Historically, the team wasn’t meeting their own goals for engaging with diverse-led startups, but that began to change with help from the IN2 Channel Partner award. Through building deeper relationships with historically black colleges and universities (HBCUs) and minority serving institutions (MSIs), among other efforts, they began to see a shift in both applicants and participants.
“About half of the energy companies included women founders on the teams,” said Brad Burke, managing director of the Rice Alliance for Technology and Entrepreneurship, which is Rice University’s internationally recognized initiative devoted to the support of entrepreneurship. “We’re working on the other side of the equation as well—the judges. We’d like to ensure that our competitors have access to a diverse group of judges who have an understanding of their journeys and can support them as they pursue their startups.”
As for participants in the RBPC, in 2022, six startups competed in the energy sector category and two were led by a diverse founder. In 2023, 12 teams competed and at least half were diversely led. The hope is to expand those numbers in 2024 and make an impact beyond the competition.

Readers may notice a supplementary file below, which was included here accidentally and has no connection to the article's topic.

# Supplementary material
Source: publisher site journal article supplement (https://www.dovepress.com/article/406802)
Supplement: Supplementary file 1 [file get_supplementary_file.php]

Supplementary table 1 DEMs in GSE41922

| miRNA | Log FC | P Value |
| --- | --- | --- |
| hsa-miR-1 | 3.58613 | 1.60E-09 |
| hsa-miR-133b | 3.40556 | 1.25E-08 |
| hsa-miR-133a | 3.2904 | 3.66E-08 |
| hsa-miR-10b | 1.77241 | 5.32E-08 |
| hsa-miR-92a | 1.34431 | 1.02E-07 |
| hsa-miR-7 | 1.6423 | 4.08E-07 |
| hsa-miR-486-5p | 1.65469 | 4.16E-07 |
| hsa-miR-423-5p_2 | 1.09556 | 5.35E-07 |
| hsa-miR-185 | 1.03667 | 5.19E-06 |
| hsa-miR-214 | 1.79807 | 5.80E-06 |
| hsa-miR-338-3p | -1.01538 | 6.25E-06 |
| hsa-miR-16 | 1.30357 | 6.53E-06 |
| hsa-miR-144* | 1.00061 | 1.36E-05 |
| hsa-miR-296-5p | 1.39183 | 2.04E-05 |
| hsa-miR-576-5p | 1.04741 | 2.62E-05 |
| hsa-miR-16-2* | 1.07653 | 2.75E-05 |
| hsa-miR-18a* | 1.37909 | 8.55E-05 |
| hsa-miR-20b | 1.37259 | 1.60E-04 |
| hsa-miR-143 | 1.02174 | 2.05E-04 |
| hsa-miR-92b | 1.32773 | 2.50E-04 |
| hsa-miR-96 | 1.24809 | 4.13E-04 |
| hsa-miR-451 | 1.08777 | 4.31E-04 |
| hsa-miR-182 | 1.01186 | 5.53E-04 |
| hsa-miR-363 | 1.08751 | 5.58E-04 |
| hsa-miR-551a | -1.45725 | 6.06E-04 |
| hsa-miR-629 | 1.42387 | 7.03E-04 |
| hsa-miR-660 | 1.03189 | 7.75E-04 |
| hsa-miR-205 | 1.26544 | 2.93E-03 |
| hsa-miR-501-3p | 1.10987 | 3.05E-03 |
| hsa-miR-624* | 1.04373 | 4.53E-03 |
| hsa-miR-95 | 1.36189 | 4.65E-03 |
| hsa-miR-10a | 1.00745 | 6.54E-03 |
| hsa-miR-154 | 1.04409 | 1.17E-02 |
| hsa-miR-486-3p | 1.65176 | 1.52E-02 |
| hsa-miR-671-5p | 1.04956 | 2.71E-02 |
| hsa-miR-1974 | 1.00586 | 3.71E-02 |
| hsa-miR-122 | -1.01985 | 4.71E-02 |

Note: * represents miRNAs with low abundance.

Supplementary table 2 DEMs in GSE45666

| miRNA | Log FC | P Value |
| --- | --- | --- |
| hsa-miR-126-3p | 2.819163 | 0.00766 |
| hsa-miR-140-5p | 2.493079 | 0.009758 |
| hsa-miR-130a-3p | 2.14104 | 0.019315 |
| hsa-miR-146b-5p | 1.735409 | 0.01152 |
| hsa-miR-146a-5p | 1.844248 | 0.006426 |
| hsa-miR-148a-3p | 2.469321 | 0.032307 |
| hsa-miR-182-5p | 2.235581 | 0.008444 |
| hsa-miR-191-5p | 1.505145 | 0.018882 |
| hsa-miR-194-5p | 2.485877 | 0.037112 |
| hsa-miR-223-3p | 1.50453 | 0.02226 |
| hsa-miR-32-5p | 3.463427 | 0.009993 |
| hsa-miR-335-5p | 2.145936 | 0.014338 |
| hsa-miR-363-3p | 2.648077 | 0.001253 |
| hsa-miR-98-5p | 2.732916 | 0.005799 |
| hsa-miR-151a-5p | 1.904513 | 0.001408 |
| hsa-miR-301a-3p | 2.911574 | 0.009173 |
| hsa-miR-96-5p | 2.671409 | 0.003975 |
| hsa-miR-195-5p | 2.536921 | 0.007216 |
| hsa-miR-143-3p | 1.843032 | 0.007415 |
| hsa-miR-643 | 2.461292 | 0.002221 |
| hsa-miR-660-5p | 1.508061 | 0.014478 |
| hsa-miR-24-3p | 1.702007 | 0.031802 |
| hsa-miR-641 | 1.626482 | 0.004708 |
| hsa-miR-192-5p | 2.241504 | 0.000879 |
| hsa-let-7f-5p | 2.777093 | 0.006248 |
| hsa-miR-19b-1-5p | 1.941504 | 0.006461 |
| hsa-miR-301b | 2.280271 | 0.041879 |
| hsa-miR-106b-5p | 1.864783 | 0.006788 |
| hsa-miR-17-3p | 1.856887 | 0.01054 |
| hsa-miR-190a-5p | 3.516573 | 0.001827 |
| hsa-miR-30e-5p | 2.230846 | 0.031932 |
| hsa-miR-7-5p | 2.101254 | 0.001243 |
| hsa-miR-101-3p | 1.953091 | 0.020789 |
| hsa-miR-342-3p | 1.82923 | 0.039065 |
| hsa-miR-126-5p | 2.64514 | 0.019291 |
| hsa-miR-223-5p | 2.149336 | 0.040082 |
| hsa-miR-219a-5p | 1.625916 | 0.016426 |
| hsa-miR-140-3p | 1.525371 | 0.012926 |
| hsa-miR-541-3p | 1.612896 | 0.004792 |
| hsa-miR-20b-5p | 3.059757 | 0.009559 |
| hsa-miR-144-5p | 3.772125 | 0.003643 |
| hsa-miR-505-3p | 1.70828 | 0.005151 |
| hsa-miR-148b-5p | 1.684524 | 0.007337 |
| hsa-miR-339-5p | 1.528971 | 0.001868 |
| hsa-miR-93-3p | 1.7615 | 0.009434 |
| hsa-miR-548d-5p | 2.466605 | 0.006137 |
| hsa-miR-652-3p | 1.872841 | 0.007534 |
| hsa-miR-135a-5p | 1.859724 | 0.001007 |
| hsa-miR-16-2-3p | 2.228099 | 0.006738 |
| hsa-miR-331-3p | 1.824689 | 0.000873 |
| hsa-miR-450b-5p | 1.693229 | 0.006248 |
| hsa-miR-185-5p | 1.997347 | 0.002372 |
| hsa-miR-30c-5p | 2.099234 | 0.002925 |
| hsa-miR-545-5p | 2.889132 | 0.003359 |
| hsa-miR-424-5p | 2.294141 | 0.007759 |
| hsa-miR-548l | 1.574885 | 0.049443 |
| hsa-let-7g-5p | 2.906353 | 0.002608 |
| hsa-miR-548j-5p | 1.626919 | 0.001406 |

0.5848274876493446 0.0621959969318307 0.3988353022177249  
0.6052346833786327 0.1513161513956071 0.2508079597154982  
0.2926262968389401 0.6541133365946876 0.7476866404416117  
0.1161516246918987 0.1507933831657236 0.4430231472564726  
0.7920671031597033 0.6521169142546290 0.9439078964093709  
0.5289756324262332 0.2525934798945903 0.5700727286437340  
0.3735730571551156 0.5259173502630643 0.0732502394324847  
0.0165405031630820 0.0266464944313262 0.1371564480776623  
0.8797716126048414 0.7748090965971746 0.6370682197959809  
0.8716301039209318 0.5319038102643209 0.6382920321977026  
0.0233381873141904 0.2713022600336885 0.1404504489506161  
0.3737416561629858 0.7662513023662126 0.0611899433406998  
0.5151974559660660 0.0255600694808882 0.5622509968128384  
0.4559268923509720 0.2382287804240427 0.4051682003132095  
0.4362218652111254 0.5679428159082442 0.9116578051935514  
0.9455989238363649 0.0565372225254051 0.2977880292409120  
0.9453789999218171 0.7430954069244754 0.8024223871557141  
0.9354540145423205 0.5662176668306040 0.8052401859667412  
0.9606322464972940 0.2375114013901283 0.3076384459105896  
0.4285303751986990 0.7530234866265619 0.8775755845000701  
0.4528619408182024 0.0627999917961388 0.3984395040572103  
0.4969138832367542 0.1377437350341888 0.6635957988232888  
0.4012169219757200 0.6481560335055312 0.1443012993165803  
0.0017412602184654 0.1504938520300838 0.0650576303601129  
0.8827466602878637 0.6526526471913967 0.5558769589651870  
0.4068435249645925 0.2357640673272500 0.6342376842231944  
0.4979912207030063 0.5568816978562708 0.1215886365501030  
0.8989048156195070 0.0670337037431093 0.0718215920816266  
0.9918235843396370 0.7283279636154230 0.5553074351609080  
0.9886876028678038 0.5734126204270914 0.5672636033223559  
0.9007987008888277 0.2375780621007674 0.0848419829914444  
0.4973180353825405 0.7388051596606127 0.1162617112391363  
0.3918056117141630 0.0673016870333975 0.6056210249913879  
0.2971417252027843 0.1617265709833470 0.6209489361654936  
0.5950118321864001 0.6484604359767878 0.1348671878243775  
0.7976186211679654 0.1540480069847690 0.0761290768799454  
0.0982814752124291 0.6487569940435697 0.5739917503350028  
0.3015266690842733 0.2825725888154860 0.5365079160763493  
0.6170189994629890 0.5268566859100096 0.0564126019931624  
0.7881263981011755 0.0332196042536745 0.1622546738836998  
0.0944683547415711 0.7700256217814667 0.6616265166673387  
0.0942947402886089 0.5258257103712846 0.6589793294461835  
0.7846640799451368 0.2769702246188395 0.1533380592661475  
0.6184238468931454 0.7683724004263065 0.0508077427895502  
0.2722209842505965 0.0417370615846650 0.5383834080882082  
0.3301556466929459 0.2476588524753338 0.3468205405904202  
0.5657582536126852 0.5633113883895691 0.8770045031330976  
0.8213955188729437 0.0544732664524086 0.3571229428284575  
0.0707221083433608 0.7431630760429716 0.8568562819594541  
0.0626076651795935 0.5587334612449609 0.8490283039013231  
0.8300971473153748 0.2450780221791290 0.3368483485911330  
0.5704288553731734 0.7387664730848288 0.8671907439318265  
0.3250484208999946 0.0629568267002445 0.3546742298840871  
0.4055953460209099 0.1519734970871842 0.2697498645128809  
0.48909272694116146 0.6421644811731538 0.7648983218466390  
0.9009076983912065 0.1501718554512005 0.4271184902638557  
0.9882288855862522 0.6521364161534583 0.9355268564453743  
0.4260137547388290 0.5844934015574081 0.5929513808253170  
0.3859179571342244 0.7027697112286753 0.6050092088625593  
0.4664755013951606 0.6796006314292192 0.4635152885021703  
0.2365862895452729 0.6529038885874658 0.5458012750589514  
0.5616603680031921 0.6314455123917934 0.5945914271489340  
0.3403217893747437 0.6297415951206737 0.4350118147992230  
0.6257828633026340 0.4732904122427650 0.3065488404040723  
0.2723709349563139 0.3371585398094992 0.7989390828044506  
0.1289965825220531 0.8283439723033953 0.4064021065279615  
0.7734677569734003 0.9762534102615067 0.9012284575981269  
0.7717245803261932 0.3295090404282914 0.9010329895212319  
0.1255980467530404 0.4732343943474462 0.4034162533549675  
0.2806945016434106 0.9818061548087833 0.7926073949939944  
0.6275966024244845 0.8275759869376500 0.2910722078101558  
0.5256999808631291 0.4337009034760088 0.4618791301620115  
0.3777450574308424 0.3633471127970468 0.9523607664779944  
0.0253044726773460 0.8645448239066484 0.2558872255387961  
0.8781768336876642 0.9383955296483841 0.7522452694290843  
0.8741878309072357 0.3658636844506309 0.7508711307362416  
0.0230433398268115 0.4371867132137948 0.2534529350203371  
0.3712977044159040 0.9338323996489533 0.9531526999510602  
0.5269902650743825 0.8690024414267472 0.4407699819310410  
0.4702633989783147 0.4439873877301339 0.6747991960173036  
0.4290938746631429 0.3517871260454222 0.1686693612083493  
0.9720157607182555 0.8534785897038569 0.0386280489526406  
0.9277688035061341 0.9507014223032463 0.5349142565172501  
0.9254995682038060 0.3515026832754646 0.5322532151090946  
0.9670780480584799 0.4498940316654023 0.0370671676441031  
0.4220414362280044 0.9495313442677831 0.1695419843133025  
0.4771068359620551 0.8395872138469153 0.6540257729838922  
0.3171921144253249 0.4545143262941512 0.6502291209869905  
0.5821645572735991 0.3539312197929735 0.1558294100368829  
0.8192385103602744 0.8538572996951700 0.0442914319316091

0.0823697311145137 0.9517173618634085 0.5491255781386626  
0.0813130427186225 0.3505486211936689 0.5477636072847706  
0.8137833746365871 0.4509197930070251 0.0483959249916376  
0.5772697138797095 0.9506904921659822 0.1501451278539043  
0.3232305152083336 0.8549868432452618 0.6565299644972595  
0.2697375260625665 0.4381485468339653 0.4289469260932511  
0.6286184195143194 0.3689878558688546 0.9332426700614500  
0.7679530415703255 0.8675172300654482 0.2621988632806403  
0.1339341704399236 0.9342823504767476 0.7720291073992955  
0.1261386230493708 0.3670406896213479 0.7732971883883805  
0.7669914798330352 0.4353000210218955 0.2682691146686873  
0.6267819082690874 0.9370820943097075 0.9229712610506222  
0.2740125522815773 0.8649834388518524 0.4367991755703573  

“When you look at venture capital in this country and others, too few of the selected companies have diverse founding teams,” Burke said. “One way to change that is to go upstream, back to the university level. If we can support more diverse founders while they are still students, we hope they go on to launch multiple startups and get funding in the rest of the world.”
The Rice Alliance for Technology and Entrepreneurship was one of the first to join the IN2 Channel Partner network and is grateful for its ongoing support.
“Being in the network is a wonderful way to connect to others who are doing similar work, to learn about what others are doing, and to work together to promote entrepreneurship in the energy space,” Santamaria said. “I’m thankful I’ve been able to come into this community.”